Build A Coracle Coracle is actually a boat that is small and light in weight. They’re used in Wales, parts of South West and Western Scotland, Ireland and England. The word is used also to describe similar boats from Vietnam, Iraq, India as well as Tibet. As a matter of fact, coracle has come from a Welsh word Cwrwgl. This has some relations to Scottish and Irish Gaelic word currach. Dating back in the 16th century was when this was used in English. However in this modern world, just few people or manufacturers are creating such. But reading the next paragraphs can be of help to you if you like to create one and boating in such. Draw an extended ellipse which measures at least 3 1/2 feet wide by 4 1/2 feet long on a piece of heavy construction paper. Lay the template on ground and with iron bar, make holes that are around 8 inches for 32 ribs and then, drive the sharpened ends of each willow rib leaning outward. And during this point, it is when you have to select willow sticks with a diameter of 1/4 to one 1/2 inch at their widest. If you are going to use fresh or green material, then the framework will shrink and fail to create a tight construction that the boat needs. To make gunwale, just lay the stick on the back of each rib and begin weaving the 32 strands around the ribs by following a one-over, one-under patterns. At this point, there is an ellipse of vertical sticks that are connected via ring of what you weaved that’s closed to the ground. For your coracle to begin to take form, the rubs must be bent over. Basically, the athwart ship or the ribs along the side are bent over first with fore and the aft ribs be laid on top. The rib’s ends are shoved in the ground just next to the opposing rib on opposite side. In order for the coracle to maintain its shape, it will be ideal to lay at least a couple of boards over the framework and put heavy rocks on them. Making use of a heavyweight #10 sail maker’s canvas and the frame on sawhorses, stretch your canvas over the frame and attach it with metal clamps temporarily. After that, trim the excess material and roll the edges up to willow gunwale. You may make use of a waxed linen thread to stitch the canvas to the gunwale.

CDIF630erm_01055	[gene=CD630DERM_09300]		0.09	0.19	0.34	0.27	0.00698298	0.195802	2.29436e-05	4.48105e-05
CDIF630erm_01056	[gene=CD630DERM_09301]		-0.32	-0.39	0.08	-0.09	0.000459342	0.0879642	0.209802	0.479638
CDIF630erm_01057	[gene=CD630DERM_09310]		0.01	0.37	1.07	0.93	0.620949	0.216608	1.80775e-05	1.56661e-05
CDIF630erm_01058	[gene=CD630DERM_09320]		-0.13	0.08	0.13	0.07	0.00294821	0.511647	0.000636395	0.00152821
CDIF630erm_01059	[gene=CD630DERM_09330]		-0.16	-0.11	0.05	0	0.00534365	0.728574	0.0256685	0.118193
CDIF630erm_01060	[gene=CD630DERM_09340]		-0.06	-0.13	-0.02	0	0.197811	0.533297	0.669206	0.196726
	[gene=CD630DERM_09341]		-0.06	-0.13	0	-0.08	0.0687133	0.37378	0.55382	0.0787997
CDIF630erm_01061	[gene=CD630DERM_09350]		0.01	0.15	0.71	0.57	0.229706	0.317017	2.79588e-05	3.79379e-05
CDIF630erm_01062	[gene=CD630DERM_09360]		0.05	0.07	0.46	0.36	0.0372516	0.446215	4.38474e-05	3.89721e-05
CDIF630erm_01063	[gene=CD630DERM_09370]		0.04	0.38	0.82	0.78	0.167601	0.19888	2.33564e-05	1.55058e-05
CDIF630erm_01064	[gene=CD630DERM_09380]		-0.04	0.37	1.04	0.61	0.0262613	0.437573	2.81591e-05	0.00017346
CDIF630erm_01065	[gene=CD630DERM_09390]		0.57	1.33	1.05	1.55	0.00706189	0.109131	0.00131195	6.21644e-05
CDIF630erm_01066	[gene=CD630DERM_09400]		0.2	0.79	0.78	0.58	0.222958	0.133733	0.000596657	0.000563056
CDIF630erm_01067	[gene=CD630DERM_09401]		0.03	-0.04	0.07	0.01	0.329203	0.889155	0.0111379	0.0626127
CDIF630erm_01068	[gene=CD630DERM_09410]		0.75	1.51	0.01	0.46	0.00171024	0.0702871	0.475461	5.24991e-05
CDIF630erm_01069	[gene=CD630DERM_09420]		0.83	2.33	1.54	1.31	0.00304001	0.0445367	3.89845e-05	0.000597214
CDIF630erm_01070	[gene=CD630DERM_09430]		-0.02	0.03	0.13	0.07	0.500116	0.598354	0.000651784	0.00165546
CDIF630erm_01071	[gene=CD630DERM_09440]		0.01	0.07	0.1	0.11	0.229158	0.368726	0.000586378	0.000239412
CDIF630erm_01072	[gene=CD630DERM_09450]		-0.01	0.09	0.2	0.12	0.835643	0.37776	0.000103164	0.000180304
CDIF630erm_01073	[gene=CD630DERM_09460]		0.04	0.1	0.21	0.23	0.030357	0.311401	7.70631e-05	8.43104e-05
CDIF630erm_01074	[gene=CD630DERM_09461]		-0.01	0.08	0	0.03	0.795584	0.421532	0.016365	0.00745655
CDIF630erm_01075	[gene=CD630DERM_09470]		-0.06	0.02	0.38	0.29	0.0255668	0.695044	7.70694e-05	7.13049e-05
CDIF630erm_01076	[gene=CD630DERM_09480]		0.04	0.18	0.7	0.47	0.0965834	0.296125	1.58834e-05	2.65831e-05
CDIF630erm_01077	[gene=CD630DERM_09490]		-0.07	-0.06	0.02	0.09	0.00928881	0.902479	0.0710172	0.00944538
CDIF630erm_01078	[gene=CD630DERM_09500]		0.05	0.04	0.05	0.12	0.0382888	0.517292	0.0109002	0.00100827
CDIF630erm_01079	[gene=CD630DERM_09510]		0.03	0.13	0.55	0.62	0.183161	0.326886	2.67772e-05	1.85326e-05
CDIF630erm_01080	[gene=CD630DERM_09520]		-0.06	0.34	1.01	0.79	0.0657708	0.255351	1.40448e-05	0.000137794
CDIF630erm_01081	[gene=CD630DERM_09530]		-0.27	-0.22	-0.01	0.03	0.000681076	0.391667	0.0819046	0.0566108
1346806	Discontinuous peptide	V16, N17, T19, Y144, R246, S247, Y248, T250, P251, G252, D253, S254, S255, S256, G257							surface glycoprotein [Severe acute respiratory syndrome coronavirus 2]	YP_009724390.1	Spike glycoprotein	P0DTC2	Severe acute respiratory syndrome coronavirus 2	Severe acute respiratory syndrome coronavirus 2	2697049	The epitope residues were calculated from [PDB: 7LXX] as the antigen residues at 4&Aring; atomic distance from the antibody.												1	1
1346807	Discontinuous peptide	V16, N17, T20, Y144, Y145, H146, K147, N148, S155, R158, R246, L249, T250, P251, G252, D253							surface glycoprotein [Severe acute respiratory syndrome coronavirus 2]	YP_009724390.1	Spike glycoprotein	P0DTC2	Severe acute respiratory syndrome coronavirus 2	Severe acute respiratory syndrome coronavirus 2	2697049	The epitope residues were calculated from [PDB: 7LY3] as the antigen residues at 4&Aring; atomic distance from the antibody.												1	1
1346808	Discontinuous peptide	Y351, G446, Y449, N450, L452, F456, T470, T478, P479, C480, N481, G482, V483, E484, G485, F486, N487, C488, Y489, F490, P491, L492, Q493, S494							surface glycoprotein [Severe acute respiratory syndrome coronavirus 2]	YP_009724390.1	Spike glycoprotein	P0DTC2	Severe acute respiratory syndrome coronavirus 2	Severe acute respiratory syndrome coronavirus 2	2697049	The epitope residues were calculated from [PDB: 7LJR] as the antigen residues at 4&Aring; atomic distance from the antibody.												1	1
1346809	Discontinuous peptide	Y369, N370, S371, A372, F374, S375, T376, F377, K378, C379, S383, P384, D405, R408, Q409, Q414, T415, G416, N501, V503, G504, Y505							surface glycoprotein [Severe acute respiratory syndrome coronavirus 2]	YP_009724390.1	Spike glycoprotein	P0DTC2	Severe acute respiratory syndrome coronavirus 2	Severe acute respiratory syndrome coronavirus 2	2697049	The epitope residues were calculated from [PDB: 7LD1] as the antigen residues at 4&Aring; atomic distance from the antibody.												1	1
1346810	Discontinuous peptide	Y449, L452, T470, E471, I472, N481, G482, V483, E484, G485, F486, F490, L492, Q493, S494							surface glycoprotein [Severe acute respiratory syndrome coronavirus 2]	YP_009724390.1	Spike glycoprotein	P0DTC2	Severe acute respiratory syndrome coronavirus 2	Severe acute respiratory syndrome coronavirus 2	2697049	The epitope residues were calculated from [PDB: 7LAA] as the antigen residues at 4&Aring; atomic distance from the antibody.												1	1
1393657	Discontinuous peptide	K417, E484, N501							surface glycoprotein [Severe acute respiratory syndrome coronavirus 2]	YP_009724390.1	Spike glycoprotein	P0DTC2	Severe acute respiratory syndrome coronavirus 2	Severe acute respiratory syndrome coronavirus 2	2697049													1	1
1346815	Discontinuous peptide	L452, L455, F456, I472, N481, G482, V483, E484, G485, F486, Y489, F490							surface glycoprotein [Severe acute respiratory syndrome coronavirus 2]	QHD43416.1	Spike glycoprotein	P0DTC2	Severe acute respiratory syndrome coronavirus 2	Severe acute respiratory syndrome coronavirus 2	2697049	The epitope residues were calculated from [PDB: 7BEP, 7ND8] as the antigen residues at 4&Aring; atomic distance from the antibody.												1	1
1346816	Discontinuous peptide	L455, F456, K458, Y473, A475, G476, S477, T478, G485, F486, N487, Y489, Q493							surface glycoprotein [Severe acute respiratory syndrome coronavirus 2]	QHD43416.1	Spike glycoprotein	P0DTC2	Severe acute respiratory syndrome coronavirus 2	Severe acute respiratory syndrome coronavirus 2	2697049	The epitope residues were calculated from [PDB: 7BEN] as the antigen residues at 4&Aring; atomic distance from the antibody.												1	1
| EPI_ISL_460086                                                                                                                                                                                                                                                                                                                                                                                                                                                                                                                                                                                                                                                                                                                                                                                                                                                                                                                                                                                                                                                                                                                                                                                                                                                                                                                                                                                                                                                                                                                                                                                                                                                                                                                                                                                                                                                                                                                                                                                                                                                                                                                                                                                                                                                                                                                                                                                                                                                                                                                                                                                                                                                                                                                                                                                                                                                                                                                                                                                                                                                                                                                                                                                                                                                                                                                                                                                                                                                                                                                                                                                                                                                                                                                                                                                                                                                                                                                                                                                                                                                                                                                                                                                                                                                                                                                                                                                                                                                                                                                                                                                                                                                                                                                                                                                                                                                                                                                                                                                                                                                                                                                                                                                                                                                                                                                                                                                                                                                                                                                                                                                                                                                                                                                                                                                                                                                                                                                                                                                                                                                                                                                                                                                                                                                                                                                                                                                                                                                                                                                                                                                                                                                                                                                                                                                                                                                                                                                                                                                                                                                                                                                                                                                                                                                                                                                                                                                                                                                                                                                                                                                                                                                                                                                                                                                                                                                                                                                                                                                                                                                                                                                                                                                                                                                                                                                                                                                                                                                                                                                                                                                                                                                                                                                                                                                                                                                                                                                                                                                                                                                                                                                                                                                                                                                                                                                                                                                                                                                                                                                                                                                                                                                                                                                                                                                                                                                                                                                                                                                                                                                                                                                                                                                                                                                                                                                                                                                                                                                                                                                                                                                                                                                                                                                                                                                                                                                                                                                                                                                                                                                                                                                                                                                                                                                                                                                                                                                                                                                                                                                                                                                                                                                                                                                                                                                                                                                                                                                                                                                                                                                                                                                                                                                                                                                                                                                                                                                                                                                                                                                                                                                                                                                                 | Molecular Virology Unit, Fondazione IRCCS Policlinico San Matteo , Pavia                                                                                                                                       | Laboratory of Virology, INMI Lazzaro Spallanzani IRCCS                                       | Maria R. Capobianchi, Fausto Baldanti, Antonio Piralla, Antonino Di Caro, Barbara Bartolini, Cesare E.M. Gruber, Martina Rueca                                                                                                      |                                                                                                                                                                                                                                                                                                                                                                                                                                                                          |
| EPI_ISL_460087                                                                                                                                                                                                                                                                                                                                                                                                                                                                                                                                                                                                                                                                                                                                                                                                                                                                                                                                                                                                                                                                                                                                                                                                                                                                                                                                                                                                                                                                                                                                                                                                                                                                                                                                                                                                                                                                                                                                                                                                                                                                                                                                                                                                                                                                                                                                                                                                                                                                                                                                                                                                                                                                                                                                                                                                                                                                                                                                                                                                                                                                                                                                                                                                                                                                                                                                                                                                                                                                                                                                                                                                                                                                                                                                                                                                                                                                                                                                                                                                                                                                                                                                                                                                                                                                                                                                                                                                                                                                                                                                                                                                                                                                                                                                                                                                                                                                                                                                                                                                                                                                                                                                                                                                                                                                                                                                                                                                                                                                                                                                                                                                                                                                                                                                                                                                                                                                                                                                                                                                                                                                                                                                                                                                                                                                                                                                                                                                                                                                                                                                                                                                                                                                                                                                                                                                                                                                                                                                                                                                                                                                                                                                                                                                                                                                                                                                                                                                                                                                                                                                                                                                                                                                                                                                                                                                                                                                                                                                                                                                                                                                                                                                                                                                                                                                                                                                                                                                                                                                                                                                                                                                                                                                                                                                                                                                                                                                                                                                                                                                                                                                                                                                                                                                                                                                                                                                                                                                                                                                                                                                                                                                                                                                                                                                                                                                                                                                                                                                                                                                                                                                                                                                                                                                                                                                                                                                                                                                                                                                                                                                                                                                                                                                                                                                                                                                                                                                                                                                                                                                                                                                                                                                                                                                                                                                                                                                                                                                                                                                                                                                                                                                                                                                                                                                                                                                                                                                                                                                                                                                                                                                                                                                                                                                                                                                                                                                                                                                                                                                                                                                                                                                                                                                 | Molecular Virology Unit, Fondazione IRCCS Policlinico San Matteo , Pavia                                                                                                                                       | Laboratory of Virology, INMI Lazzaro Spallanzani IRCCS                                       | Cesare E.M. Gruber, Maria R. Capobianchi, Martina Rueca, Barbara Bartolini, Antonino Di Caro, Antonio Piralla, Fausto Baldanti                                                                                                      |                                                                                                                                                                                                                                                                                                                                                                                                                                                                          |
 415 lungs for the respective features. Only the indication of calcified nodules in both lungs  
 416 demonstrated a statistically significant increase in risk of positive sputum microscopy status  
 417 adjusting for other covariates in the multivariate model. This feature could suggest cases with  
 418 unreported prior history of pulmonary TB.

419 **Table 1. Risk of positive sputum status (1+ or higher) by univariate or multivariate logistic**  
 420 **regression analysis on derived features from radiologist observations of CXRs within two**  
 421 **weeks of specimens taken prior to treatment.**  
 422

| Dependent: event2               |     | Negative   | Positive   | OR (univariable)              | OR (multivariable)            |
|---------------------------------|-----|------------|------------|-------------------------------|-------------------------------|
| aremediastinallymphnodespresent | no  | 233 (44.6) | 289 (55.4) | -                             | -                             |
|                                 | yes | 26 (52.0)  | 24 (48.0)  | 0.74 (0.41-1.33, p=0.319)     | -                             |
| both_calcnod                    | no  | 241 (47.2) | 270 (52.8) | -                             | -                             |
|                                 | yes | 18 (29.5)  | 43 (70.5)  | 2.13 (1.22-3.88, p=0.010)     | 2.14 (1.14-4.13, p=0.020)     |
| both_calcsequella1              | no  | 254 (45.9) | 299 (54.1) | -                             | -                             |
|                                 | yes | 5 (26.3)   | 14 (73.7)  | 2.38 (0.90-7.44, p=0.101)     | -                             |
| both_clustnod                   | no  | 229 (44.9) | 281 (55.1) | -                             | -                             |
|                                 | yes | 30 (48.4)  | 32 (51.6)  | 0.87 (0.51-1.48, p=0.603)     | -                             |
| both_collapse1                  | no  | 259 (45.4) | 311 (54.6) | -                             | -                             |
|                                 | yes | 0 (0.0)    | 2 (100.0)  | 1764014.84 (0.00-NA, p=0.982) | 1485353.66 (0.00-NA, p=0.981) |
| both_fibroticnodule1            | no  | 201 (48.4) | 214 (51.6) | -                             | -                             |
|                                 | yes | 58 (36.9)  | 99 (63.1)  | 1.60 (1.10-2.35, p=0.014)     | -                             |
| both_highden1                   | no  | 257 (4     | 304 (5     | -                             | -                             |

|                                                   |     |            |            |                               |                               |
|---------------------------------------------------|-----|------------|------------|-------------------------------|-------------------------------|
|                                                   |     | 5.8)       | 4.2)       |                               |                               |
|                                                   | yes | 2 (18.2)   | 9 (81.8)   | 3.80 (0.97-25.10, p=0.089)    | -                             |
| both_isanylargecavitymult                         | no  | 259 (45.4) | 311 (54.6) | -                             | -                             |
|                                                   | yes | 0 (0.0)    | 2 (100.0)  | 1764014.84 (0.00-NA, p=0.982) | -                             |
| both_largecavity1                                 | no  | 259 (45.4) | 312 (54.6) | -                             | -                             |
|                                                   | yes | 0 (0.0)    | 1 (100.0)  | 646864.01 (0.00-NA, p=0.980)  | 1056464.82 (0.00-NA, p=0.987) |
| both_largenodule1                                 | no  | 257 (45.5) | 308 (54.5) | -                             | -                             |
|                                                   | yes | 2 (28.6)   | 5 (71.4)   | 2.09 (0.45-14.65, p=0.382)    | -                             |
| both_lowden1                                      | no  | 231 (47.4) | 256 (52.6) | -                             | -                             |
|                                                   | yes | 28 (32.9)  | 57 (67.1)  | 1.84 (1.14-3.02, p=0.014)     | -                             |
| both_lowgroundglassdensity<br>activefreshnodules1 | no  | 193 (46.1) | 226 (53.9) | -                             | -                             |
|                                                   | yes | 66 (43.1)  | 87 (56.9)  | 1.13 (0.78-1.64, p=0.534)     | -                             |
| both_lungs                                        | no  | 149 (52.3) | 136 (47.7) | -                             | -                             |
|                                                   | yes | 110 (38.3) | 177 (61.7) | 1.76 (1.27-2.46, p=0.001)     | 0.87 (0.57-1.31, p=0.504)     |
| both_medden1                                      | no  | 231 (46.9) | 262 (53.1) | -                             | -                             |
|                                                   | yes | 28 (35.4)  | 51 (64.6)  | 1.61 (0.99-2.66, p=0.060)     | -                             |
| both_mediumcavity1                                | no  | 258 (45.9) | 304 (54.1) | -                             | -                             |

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After you saw the canvas, make a waterproofing mixture for the coracle. Use a paintbrush to apply a thick coating of the mixture with piece of spare canvas, deeply rub the sealant into the canvas. Just let it dry overnight and redo the process for the next day.A Quick Overlook of Watercrafts – Your Cheatsheet